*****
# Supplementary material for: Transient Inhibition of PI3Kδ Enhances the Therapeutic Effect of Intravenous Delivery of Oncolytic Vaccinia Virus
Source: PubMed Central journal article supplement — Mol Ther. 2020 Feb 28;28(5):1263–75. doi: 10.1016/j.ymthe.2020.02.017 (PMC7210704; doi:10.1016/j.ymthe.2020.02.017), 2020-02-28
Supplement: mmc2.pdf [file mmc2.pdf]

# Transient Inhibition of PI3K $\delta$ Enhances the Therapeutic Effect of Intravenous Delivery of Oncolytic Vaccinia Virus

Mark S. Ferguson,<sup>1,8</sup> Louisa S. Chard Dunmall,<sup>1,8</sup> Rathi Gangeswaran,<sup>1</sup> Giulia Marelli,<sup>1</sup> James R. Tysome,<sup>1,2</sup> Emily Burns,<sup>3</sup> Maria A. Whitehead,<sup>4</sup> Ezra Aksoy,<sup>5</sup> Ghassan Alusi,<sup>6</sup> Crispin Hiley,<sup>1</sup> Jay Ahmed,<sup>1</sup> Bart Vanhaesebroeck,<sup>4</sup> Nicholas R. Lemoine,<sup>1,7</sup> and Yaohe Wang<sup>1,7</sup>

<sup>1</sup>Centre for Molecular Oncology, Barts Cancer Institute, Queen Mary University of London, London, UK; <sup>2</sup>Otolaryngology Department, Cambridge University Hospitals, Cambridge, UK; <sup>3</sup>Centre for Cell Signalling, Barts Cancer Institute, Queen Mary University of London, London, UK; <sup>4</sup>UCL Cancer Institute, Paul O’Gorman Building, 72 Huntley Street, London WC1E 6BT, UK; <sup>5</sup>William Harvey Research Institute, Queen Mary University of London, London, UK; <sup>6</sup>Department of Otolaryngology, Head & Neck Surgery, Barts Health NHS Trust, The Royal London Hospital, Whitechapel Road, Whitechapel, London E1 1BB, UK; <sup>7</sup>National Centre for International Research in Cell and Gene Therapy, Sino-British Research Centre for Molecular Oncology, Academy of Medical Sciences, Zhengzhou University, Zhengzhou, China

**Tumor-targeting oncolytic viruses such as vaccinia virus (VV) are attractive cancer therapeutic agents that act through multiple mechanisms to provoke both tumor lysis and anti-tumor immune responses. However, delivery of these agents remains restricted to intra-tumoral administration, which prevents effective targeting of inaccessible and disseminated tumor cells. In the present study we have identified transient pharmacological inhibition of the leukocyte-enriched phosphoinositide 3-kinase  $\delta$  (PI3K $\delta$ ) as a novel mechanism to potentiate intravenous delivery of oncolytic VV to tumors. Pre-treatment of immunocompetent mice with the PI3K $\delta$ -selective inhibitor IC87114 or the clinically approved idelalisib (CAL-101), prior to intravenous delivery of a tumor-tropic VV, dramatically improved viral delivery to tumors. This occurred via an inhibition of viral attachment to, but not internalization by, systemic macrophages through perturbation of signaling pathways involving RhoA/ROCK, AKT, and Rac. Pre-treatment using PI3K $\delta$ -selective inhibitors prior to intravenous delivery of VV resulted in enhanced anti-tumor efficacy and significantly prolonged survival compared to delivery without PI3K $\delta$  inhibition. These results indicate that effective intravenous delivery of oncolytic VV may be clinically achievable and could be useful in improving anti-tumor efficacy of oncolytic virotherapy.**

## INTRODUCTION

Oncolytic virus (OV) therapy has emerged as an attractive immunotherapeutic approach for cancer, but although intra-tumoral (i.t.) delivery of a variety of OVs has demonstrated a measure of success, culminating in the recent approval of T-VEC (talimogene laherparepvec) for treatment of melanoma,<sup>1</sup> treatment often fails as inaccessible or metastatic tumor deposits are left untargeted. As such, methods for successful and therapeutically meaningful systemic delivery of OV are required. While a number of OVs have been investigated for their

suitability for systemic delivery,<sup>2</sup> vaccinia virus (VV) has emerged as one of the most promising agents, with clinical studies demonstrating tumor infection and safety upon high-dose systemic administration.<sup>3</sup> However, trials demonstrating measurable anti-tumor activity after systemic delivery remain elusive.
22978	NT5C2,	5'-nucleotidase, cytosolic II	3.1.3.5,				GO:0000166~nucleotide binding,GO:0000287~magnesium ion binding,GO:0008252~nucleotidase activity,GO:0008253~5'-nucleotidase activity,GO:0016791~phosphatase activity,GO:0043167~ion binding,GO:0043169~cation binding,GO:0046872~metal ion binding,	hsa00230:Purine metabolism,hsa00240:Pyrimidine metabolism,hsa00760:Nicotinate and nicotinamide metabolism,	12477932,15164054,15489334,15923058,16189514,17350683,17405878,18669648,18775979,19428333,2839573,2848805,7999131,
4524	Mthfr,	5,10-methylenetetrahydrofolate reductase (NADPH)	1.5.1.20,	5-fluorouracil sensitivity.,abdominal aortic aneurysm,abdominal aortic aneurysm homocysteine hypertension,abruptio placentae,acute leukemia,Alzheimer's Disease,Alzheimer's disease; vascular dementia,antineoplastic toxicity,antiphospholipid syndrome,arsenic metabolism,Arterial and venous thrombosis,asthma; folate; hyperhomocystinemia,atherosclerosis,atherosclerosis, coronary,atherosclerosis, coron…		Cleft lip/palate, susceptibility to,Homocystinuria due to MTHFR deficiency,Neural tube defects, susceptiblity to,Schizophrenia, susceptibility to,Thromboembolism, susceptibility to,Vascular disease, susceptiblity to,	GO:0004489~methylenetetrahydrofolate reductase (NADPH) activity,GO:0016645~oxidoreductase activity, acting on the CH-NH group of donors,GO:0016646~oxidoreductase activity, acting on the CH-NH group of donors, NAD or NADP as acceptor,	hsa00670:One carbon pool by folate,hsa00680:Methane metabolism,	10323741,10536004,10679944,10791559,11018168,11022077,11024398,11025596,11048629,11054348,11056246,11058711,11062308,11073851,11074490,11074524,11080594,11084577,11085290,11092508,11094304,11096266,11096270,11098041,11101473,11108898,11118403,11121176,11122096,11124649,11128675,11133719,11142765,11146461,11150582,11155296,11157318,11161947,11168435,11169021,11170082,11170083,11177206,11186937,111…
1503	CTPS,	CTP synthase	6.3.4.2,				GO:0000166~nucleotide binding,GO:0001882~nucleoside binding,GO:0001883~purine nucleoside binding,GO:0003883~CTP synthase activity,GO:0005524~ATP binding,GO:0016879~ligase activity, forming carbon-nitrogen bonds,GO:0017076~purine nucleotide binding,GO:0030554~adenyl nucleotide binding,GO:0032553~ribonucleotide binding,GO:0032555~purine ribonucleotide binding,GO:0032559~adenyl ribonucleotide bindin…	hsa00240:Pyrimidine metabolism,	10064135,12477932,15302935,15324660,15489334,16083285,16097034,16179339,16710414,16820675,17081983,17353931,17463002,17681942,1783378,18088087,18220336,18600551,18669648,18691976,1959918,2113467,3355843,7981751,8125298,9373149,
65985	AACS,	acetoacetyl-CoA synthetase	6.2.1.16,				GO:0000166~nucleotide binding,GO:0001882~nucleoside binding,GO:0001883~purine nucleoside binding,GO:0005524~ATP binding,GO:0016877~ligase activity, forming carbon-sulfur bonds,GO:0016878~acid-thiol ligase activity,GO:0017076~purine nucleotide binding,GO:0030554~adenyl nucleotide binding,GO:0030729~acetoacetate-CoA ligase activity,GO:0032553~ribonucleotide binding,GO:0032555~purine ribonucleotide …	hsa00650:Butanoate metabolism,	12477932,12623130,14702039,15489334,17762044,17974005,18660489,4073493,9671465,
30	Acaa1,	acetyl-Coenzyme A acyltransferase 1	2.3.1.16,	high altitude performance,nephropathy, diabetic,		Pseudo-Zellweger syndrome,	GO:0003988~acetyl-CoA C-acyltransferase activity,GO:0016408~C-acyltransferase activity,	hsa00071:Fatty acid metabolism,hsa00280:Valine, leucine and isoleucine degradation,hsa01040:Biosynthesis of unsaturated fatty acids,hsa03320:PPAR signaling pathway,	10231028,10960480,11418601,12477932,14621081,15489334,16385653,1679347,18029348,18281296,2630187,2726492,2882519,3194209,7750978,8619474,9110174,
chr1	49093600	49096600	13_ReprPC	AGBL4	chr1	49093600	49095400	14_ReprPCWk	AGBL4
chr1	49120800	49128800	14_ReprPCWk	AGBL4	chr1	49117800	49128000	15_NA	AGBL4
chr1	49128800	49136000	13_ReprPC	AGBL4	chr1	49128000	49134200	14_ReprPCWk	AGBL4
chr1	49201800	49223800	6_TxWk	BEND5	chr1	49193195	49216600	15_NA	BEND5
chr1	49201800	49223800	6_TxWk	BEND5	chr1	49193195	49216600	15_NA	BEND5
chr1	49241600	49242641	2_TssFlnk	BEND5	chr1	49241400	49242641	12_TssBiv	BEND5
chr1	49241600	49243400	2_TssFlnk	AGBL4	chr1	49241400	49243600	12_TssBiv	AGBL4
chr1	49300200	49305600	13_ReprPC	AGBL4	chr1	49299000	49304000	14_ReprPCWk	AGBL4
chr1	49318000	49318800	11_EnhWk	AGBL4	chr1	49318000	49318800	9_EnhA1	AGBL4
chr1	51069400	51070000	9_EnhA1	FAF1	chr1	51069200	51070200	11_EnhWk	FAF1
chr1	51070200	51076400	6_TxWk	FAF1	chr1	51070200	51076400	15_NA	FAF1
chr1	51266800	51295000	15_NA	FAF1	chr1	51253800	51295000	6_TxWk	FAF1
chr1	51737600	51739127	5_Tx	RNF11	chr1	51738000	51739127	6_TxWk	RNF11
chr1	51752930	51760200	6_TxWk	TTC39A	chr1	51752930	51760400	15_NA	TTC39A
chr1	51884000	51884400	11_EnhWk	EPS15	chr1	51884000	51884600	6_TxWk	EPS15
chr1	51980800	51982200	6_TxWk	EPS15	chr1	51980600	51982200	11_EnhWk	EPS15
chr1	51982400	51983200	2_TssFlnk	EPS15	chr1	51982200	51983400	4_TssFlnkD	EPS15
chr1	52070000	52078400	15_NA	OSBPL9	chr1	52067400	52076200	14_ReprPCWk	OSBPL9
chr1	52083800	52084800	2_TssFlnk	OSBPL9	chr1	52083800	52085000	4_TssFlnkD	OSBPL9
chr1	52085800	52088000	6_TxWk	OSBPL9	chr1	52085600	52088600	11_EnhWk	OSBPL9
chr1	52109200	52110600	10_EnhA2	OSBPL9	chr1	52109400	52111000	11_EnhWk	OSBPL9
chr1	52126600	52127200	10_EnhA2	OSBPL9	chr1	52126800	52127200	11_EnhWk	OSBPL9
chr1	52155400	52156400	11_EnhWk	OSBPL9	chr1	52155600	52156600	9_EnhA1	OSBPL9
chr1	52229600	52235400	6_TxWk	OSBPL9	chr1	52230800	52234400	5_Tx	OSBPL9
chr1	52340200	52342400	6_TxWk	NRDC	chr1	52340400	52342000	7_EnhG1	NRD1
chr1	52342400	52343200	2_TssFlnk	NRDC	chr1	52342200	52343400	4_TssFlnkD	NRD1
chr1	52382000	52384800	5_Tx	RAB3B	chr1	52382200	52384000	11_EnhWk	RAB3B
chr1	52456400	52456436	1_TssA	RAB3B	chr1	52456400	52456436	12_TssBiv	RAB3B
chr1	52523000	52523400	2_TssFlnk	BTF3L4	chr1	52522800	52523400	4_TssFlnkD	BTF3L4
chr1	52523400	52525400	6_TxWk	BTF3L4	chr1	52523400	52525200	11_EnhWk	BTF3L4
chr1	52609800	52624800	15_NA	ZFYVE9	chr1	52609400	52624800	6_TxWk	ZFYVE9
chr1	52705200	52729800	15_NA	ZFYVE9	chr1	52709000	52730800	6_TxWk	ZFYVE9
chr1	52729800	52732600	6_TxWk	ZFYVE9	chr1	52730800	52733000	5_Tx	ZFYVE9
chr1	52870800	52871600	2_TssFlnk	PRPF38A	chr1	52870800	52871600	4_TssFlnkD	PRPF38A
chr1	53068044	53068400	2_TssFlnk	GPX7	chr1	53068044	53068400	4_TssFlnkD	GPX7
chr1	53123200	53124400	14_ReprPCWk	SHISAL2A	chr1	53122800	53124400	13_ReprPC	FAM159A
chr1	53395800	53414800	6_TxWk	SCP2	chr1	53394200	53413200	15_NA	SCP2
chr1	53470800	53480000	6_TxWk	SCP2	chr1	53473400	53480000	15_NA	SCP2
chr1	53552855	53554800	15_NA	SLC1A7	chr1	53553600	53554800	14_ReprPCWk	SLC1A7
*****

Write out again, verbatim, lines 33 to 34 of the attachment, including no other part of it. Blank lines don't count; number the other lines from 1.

chr1	52070000	52078400	15_NA	OSBPL9	chr1	52067400	52076200	14_ReprPCWk	OSBPL9
chr1	52083800	52084800	2_TssFlnk	OSBPL9	chr1	52083800	52085000	4_TssFlnkD	OSBPL9